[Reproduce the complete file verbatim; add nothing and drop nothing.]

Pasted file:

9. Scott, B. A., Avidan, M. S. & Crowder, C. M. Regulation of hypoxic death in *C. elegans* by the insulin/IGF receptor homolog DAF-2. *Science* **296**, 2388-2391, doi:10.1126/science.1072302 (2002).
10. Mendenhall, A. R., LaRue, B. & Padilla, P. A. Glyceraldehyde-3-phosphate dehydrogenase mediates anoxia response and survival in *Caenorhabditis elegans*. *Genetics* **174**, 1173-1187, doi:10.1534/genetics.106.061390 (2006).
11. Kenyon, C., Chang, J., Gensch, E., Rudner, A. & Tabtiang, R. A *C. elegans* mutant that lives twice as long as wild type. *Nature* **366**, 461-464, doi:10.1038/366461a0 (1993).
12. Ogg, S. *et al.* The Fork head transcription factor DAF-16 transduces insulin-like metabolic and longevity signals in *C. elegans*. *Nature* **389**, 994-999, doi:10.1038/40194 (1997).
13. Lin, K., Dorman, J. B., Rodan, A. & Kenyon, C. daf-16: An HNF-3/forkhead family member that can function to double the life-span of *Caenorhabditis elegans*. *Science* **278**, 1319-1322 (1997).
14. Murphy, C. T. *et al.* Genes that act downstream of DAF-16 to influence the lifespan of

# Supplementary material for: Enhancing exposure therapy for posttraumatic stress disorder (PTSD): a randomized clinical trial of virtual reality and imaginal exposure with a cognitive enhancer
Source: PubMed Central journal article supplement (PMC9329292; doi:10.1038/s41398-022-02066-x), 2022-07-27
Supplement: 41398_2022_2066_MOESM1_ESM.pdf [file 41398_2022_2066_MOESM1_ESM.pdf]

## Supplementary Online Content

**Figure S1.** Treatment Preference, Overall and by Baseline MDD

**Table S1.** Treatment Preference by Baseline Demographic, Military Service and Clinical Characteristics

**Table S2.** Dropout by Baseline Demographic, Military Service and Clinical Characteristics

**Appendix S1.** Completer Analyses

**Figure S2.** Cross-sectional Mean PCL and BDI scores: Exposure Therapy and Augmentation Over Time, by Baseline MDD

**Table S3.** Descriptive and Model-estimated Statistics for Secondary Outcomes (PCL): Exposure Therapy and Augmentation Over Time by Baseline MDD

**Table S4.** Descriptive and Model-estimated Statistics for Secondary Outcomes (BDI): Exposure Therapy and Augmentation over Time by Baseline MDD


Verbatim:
9. Scott, B. A., Avidan, M. S. & Crowder, C. M. Regulation of hypoxic death in *C. elegans* by the insulin/IGF receptor homolog DAF-2. *Science* **296**, 2388-2391, doi:10.1126/science.1072302 (2002).
10. Mendenhall, A. R., LaRue, B. & Padilla, P. A. Glyceraldehyde-3-phosphate dehydrogenase mediates anoxia response and survival in *Caenorhabditis elegans*. *Genetics* **174**, 1173-1187, doi:10.1534/genetics.106.061390 (2006).
11. Kenyon, C., Chang, J., Gensch, E., Rudner, A. & Tabtiang, R. A *C. elegans* mutant that lives twice as long as wild type. *Nature* **366**, 461-464, doi:10.1038/366461a0 (1993).
12. Ogg, S. *et al.* The Fork head transcription factor DAF-16 transduces insulin-like metabolic and longevity signals in *C. elegans*. *Nature* **389**, 994-999, doi:10.1038/40194 (1997).
13. Lin, K., Dorman, J. B., Rodan, A. & Kenyon, C. daf-16: An HNF-3/forkhead family member that can function to double the life-span of *Caenorhabditis elegans*. *Science* **278**, 1319-1322 (1997).
14. Murphy, C. T. *et al.* Genes that act downstream of DAF-16 to influence the lifespan of

# Supplementary material for: Enhancing exposure therapy for posttraumatic stress disorder (PTSD): a randomized clinical trial of virtual reality and imaginal exposure with a cognitive enhancer
Source: PubMed Central journal article supplement (PMC9329292; doi:10.1038/s41398-022-02066-x), 2022-07-27
Supplement: 41398_2022_2066_MOESM1_ESM.pdf [file 41398_2022_2066_MOESM1_ESM.pdf]

## Supplementary Online Content

**Figure S1.** Treatment Preference, Overall and by Baseline MDD

**Table S1.** Treatment Preference by Baseline Demographic, Military Service and Clinical Characteristics

**Table S2.** Dropout by Baseline Demographic, Military Service and Clinical Characteristics

**Appendix S1.** Completer Analyses

**Figure S2.** Cross-sectional Mean PCL and BDI scores: Exposure Therapy and Augmentation Over Time, by Baseline MDD

**Table S3.** Descriptive and Model-estimated Statistics for Secondary Outcomes (PCL): Exposure Therapy and Augmentation Over Time by Baseline MDD

**Table S4.** Descriptive and Model-estimated Statistics for Secondary Outcomes (BDI): Exposure Therapy and Augmentation over Time by Baseline MDD